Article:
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PM Kishida's speech to highlight child policy as investment for future

Prime Minister Fumio Kishida speaks at a meeting of the public price evaluation review committee at the prime minister's office in Tokyo on Nov. 9, 2021. (Mainichi/Kan Takeuchi)

TOKYO (Kyodo) -- Prime Minister Fumio Kishida is set to pledge to secure funds for policies to combat Japan's declining birthrate in his speech at the opening of a regular parliamentary session next week, a draft of the address showed Wednesday.

    While the government has been criticized for lacking countermeasures that have an immediate effect, Kishida will underscore the need to enhance public support for child-rearing by describing such policies as "the most effective investment for the future."

    Kishida will also apologize after four of his ministers stepped down due to scandals within the span of around two months last year, according to the draft of the speech, to be delivered Monday. On diplomacy, he will reiterate Tokyo's intent to enhance its alliance with the United States amid China's increasing military and economic clout.

    Annual births in Japan are likely to have fallen below 800,000 for the first time last year, according to a government estimate.

    In a new year's news conference earlier this month, Kishida promised to focus on policies related to children this year. But it remains to be seen how the government will cover the costs of the policies.

    The government "will consider how (parents) can be stably supported by society as a whole while making various efforts," the draft says.

    The 150-day Diet session will start as Kishida has seen his Cabinet's support ratings plunge due partly to connections between many lawmakers of his ruling Liberal Democratic Party and the Unification Church, known for its aggressive donation solicitations and other fundraising practices.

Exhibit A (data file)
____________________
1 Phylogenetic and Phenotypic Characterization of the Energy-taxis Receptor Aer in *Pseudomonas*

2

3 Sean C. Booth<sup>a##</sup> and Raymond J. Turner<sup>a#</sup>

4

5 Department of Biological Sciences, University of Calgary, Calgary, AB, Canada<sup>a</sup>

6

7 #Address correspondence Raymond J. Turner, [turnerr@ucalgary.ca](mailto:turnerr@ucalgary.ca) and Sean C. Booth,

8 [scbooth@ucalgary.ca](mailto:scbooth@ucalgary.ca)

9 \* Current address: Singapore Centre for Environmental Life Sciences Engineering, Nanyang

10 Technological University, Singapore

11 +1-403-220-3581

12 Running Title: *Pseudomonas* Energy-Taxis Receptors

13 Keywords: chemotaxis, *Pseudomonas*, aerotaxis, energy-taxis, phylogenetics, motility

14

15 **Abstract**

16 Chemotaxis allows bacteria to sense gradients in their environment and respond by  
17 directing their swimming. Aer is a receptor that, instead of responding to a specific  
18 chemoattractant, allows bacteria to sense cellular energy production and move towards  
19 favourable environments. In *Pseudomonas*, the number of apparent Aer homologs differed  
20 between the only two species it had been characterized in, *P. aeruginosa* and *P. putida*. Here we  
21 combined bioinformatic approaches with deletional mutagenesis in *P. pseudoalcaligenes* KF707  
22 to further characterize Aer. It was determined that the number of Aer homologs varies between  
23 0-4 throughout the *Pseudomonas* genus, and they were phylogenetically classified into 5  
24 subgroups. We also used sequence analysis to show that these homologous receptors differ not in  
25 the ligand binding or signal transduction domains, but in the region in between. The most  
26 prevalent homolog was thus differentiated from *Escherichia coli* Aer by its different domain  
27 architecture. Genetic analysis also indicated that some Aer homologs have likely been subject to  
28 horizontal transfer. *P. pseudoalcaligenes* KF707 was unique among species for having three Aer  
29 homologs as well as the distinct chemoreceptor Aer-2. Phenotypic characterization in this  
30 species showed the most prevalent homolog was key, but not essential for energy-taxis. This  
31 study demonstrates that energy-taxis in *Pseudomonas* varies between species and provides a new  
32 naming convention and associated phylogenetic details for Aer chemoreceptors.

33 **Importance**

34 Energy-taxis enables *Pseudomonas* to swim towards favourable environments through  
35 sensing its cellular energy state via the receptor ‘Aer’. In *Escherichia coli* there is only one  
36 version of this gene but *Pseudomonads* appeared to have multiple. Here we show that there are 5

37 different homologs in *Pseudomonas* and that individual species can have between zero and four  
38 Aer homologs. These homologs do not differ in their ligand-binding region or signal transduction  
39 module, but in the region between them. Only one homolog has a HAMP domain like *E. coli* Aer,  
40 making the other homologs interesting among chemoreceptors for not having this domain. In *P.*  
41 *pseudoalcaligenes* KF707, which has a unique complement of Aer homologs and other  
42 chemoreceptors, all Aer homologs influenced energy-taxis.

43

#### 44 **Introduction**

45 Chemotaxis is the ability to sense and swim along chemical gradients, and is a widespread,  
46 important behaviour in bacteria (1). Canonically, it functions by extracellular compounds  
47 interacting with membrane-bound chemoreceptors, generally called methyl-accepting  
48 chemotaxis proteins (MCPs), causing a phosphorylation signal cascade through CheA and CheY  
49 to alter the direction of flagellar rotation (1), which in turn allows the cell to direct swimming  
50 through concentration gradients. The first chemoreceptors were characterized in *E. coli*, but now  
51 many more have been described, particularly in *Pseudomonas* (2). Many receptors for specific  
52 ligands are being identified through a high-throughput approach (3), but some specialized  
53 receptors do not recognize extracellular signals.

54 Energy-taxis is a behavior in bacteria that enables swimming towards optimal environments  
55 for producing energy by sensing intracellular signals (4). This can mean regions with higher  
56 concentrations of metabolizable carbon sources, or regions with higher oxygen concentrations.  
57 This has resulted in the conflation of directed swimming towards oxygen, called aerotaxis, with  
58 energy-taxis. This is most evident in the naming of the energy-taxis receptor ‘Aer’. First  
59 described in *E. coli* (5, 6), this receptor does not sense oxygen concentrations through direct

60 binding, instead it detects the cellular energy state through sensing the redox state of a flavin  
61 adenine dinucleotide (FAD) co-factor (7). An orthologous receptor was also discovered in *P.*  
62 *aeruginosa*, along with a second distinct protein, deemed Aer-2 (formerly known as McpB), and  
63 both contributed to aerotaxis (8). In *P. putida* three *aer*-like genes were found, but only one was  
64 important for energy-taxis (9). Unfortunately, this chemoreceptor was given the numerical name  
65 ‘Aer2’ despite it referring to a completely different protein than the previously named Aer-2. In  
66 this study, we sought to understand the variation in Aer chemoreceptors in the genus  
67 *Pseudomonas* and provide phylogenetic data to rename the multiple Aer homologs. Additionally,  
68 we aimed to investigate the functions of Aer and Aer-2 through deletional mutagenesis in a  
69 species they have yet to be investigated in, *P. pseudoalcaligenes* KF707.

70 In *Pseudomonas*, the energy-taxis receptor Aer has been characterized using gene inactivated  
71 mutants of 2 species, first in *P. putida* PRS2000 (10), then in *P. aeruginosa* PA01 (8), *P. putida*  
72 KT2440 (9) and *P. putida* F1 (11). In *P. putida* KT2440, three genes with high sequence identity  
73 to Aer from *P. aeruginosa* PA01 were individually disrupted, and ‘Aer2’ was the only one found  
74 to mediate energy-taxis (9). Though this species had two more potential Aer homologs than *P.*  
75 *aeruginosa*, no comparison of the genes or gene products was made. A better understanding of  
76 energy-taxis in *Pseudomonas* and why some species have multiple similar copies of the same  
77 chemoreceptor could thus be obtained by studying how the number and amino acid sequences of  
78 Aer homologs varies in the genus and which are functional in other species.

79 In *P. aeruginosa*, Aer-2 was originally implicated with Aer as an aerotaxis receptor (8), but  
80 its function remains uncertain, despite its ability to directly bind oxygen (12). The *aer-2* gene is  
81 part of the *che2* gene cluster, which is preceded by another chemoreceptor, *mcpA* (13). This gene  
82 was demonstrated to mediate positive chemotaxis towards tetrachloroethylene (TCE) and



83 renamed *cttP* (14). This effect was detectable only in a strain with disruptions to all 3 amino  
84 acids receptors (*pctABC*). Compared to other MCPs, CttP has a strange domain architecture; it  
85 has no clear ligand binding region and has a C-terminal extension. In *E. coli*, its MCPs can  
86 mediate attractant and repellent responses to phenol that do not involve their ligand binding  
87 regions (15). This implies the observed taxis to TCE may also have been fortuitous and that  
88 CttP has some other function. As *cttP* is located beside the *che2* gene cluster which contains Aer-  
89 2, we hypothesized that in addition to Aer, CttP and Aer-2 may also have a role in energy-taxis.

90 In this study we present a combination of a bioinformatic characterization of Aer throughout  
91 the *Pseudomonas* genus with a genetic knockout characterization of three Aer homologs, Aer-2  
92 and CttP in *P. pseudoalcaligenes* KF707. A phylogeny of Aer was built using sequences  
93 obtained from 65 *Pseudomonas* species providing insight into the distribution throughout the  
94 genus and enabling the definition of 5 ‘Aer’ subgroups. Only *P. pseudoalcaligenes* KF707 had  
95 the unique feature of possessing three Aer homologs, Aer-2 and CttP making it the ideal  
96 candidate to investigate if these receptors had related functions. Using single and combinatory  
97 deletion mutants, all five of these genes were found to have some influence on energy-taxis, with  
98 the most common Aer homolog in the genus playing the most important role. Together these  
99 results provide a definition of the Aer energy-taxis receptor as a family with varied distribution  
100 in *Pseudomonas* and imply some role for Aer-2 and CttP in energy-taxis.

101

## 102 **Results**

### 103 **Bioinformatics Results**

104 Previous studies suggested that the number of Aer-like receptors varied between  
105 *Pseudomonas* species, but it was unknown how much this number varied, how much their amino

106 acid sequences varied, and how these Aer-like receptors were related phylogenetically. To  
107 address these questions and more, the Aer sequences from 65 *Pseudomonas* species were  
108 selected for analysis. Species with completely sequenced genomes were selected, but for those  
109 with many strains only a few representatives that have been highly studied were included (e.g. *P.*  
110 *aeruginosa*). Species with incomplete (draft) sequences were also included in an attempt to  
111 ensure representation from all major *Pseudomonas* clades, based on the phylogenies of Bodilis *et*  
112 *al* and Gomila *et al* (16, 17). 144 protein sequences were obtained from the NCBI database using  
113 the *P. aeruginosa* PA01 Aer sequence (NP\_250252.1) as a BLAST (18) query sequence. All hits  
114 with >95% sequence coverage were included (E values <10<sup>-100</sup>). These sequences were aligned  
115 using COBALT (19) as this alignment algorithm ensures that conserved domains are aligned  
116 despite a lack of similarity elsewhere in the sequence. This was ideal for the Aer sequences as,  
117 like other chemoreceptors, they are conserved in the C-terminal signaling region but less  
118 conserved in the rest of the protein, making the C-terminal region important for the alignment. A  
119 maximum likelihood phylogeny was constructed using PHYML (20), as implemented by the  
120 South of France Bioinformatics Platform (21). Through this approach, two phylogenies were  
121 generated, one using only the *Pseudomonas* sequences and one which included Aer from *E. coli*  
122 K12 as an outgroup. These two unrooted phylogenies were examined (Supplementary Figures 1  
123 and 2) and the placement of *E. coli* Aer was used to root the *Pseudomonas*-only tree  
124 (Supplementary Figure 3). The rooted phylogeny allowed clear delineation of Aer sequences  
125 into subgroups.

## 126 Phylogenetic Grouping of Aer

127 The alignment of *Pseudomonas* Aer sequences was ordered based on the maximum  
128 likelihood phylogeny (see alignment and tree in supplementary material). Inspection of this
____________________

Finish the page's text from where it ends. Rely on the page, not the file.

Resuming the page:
Kishida is likely to promise to grasp the damage inflicted by victims of the controversial religious group and improve the government's consultation system for them.

    On national security, Kishida is set to express readiness to compile a sufficient budget after the government decided in December to almost double its annual defense spending to about 2 percent of gross domestic product over the next five years, on par with NATO members.

    Tokyo has decided to acquire enemy base strike capabilities to deter attacks on its territory amid growing military threats from neighbors, such as China and North Korea.

    But at the same time, Kishida will reiterate his hope to establish "constructive and stable" relations with China through dialogue, according to the draft.

    As Japan holds this year's presidency of the Group of Seven nations, the prime minister will show his willingness to demonstrate the group's unity in its summit meeting in May in his home constituency of Hiroshima, as the global order is in danger amid Russia's aggression against Ukraine.

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